TPIB: Follow the evidence
You don’t always have to put on a big interactive mystery theater production to have a mystery themed program (although those are fun), you can do some mini CSI type activities to have a mystery program. There is a lot less time and money involved in set up, making it ideal for the school year. You can also do these activities as part of a lead up to a larger mystery program.
The gift of observation is one of the most important skills a crime scene investigator has. They have to be able to find the clues. Did you know that witnesses have a hard time when interviewed because we all typically don’t have very good observation skills. In fact, if investigators interview a variety of witnesses they usually get very different information. This is an activity designed to test observation skills.
Set up a table with 20 small items and cover with a sheet. Remove the sheet and give teens about 1 minute to study the “scene”. Then recover. Ask teens to list as many items as they can recall. Then, remove 1 items and give teens another peek. Can they figure out what item(s) you removed?
Interview the Witness
At the beginning of the program, have a couple of pre-selected staff members come in and give you a message. Have them pretend to get into an argument. After they leave, have teens split up into groups of 3 or 4 and interview each other about what they saw. They need to ask the basics: What happened? What did they look like? What were they wearing? Then, have the original actors come back in and determine how the teens did as witnesses.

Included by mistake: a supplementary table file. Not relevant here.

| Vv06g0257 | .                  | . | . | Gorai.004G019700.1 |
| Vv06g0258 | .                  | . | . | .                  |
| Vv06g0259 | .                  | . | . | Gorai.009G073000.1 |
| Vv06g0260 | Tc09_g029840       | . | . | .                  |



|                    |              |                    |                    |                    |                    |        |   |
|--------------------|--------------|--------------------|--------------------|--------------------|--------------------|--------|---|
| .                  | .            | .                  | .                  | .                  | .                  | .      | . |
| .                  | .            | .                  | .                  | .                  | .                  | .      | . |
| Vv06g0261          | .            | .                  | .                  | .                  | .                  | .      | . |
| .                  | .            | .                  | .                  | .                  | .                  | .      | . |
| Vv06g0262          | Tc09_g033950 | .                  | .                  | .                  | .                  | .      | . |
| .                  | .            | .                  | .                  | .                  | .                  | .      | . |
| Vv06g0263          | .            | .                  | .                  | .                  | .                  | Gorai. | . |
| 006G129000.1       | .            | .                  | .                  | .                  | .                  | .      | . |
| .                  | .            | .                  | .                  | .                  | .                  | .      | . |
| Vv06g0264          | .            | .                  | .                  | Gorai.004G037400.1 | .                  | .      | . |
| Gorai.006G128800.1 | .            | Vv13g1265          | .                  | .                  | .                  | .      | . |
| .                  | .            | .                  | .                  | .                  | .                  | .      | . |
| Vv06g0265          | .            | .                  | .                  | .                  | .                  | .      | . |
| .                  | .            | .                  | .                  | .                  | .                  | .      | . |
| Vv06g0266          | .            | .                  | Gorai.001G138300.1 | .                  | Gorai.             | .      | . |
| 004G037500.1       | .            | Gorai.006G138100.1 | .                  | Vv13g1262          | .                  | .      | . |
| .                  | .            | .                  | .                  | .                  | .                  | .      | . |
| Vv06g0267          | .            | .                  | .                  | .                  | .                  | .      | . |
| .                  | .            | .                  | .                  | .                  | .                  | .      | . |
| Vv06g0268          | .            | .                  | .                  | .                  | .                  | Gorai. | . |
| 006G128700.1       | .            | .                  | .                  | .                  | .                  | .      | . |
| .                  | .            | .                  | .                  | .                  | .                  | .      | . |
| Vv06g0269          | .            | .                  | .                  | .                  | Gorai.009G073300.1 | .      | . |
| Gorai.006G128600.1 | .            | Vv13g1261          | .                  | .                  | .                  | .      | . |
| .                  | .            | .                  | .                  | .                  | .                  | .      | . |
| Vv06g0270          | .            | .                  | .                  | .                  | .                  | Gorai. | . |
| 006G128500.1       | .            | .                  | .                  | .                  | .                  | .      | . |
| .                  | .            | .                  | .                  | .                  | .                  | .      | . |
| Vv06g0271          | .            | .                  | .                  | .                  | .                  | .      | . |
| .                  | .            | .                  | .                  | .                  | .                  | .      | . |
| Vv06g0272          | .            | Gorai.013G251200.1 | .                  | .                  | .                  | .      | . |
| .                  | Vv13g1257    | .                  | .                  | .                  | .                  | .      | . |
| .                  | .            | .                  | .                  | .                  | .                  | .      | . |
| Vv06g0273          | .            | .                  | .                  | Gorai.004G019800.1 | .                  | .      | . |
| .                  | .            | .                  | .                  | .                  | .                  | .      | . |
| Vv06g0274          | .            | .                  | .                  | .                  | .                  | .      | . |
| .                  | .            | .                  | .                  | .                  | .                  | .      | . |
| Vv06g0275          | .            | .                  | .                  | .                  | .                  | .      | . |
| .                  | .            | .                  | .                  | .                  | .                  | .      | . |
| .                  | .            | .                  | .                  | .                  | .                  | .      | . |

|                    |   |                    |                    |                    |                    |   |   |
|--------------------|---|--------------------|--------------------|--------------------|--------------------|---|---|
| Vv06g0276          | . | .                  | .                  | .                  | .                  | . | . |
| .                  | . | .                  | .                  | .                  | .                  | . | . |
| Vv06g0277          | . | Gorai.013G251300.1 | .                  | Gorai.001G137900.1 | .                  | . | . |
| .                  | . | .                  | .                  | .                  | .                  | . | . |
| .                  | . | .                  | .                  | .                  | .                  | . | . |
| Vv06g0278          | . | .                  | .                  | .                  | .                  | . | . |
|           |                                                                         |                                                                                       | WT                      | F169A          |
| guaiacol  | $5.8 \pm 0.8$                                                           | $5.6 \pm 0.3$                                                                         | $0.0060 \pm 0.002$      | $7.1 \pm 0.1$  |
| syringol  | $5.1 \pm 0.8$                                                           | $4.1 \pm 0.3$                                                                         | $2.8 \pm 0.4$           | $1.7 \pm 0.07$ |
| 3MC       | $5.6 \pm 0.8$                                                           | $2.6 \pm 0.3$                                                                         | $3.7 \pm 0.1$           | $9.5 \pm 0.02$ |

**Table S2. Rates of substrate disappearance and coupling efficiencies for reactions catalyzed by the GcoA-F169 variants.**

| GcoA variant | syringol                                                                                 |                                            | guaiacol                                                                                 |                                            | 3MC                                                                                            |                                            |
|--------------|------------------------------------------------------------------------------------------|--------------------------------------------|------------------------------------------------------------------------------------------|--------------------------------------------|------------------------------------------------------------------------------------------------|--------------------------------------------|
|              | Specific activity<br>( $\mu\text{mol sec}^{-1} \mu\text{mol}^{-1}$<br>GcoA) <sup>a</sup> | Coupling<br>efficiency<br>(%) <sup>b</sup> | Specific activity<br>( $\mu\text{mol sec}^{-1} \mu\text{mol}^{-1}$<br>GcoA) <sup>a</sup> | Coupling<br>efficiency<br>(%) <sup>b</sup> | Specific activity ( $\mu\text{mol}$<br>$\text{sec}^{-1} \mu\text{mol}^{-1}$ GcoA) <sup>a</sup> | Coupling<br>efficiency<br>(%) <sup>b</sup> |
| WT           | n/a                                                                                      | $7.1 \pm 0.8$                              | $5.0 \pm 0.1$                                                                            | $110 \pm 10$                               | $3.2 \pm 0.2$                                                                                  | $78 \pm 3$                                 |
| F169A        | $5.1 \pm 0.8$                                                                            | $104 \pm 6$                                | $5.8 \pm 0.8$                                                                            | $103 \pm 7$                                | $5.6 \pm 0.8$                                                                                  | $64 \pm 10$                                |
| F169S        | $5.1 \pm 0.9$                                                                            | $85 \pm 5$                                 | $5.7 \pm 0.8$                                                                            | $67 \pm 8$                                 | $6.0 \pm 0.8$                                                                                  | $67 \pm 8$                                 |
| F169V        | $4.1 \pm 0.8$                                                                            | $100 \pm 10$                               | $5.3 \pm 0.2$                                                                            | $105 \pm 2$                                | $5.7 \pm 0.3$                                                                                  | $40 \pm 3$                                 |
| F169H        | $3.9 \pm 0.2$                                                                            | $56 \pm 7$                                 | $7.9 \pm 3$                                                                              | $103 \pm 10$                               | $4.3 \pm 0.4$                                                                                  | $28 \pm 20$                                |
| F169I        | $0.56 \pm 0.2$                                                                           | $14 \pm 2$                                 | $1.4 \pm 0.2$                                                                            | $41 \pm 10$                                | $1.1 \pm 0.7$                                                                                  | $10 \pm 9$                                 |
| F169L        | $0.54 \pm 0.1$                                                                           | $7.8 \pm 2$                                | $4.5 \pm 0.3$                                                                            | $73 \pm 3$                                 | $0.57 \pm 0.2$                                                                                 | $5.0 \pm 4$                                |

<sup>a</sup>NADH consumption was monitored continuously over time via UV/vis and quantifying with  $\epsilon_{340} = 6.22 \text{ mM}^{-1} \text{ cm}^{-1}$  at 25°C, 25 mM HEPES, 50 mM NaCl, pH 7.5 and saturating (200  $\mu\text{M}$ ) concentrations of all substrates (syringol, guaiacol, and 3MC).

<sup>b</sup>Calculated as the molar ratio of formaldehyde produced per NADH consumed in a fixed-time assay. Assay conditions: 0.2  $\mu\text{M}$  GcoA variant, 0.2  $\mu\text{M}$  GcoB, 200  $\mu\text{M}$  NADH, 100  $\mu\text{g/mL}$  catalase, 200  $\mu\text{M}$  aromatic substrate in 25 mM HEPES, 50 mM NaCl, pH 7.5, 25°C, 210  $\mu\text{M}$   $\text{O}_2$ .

Discover the Message
You can make invisible ink using baking soda or lemon juice. You can also have teens try and discover the message on notes by having them do pencil rubbings on a pad of paper to see if they can determine what was written on the last sheet of paper.
The Usual Suspects: A line up activity
Gather together 4 or more similar looking outfits (borrow from staff or purchase at a thrift store). Have 4 staff members, or teen volunteers, that look similar enough to cause confusion dress up in said outfit and remain hidden until you do this activity. At some point during your program, have the “suspect” run through the room – they could do something like “steal” a planted purse if you would like. Then, have all the volunteers line up and see if teens can correctly identify which one was the suspect.
Prints, Prints and More Prints
CSI involves the collection and study of fingerprints. You can do this using cocoa powder and clear book tape. You can also cut strips of paper and have teens fingerprint each other and compare fingerprints. Here is a good outline of a fingerprinting activity.
You can also do a foot printing activity. Make footprints of a variety of shoes on individual sheets of paper. Place a number on the back of the print. Cut out and laminate. Put a letter label on each of the shoes. Have teens see if they can match the correct shoe print to its corresponding shoe. There are links to more fingerprint and footprint activities at the end of this post.
Who wrote the note?
Have each participant write the same single phrase on identical pieces of paper. Give each teen a number and have them write their number very small on the back bottom right hand corner. Fold them all up and randomly draw out 1 of the notes. Now have teens collect handwriting samples using a completely different phrase and see if they can figure out who wrote the note.
Ask an Expert
I had a member of our local police force come in for the first 20 minutes of my program. He talked about some of the cases he had been involved in, showed some of the actual tools that they used, and talked about how real life crime solving compared to what we see on TV. The number one lesson we learned, processing the evidence takes a lot longer than you see on tv.
About Karen Jensen, MLS
Karen Jensen has been a Teen Services Librarian for almost 30 years. She created TLT in 2011 and is the co-editor of The Whole Library Handbook: Teen Services with Heather Booth (ALA Editions, 2014).
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